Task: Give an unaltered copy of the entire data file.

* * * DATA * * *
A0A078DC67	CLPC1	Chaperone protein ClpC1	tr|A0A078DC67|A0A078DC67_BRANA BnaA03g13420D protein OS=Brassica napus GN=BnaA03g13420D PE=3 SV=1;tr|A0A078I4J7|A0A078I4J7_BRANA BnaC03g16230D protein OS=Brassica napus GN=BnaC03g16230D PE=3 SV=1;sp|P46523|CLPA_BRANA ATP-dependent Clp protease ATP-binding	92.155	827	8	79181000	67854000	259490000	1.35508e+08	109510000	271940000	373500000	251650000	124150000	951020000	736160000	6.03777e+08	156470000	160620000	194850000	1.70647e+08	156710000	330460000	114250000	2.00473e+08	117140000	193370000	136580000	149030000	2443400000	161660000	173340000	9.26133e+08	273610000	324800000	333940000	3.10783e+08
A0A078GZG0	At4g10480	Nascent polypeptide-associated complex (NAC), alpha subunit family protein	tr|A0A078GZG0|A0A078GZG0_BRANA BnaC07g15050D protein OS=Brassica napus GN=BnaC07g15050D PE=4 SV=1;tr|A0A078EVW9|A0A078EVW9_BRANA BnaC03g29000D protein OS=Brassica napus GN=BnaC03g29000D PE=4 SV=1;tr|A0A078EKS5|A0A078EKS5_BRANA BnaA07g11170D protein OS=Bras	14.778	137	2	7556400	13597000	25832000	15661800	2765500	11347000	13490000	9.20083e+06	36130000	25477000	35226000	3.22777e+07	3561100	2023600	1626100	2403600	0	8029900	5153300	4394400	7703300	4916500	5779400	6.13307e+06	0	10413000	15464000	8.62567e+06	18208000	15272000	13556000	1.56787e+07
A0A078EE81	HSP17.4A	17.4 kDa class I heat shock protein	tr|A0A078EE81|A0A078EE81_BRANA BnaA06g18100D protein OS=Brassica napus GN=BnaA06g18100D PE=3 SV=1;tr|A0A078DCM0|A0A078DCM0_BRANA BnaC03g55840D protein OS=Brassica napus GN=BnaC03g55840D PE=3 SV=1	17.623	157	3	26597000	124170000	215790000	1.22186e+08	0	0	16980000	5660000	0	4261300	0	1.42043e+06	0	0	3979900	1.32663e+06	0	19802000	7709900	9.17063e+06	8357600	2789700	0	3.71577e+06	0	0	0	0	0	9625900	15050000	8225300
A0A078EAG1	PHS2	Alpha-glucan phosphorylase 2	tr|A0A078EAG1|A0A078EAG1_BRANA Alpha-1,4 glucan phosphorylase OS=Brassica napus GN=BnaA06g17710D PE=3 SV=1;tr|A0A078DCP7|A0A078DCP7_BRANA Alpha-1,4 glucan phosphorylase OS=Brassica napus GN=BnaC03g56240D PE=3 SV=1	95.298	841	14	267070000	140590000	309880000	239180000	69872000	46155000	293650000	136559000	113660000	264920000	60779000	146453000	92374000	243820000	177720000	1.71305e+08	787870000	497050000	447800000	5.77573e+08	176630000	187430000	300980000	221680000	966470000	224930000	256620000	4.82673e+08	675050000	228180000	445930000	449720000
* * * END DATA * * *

A0A078DC67	CLPC1	Chaperone protein ClpC1	tr|A0A078DC67|A0A078DC67_BRANA BnaA03g13420D protein OS=Brassica napus GN=BnaA03g13420D PE=3 SV=1;tr|A0A078I4J7|A0A078I4J7_BRANA BnaC03g16230D protein OS=Brassica napus GN=BnaC03g16230D PE=3 SV=1;sp|P46523|CLPA_BRANA ATP-dependent Clp protease ATP-binding	92.155	827	8	79181000	67854000	259490000	1.35508e+08	109510000	271940000	373500000	251650000	124150000	951020000	736160000	6.03777e+08	156470000	160620000	194850000	1.70647e+08	156710000	330460000	114250000	2.00473e+08	117140000	193370000	136580000	149030000	2443400000	161660000	173340000	9.26133e+08	273610000	324800000	333940000	3.10783e+08
A0A078GZG0	At4g10480	Nascent polypeptide-associated complex (NAC), alpha subunit family protein	tr|A0A078GZG0|A0A078GZG0_BRANA BnaC07g15050D protein OS=Brassica napus GN=BnaC07g15050D PE=4 SV=1;tr|A0A078EVW9|A0A078EVW9_BRANA BnaC03g29000D protein OS=Brassica napus GN=BnaC03g29000D PE=4 SV=1;tr|A0A078EKS5|A0A078EKS5_BRANA BnaA07g11170D protein OS=Bras	14.778	137	2	7556400	13597000	25832000	15661800	2765500	11347000	13490000	9.20083e+06	36130000	25477000	35226000	3.22777e+07	3561100	2023600	1626100	2403600	0	8029900	5153300	4394400	7703300	4916500	5779400	6.13307e+06	0	10413000	15464000	8.62567e+06	18208000	15272000	13556000	1.56787e+07
A0A078EE81	HSP17.4A	17.4 kDa class I heat shock protein	tr|A0A078EE81|A0A078EE81_BRANA BnaA06g18100D protein OS=Brassica napus GN=BnaA06g18100D PE=3 SV=1;tr|A0A078DCM0|A0A078DCM0_BRANA BnaC03g55840D protein OS=Brassica napus GN=BnaC03g55840D PE=3 SV=1	17.623	157	3	26597000	124170000	215790000	1.22186e+08	0	0	16980000	5660000	0	4261300	0	1.42043e+06	0	0	3979900	1.32663e+06	0	19802000	7709900	9.17063e+06	8357600	2789700	0	3.71577e+06	0	0	0	0	0	9625900	15050000	8225300
A0A078EAG1	PHS2	Alpha-glucan phosphorylase 2	tr|A0A078EAG1|A0A078EAG1_BRANA Alpha-1,4 glucan phosphorylase OS=Brassica napus GN=BnaA06g17710D PE=3 SV=1;tr|A0A078DCP7|A0A078DCP7_BRANA Alpha-1,4 glucan phosphorylase OS=Brassica napus GN=BnaC03g56240D PE=3 SV=1	95.298	841	14	267070000	140590000	309880000	239180000	69872000	46155000	293650000	136559000	113660000	264920000	60779000	146453000	92374000	243820000	177720000	1.71305e+08	787870000	497050000	447800000	5.77573e+08	176630000	187430000	300980000	221680000	966470000	224930000	256620000	4.82673e+08	675050000	228180000	445930000	449720000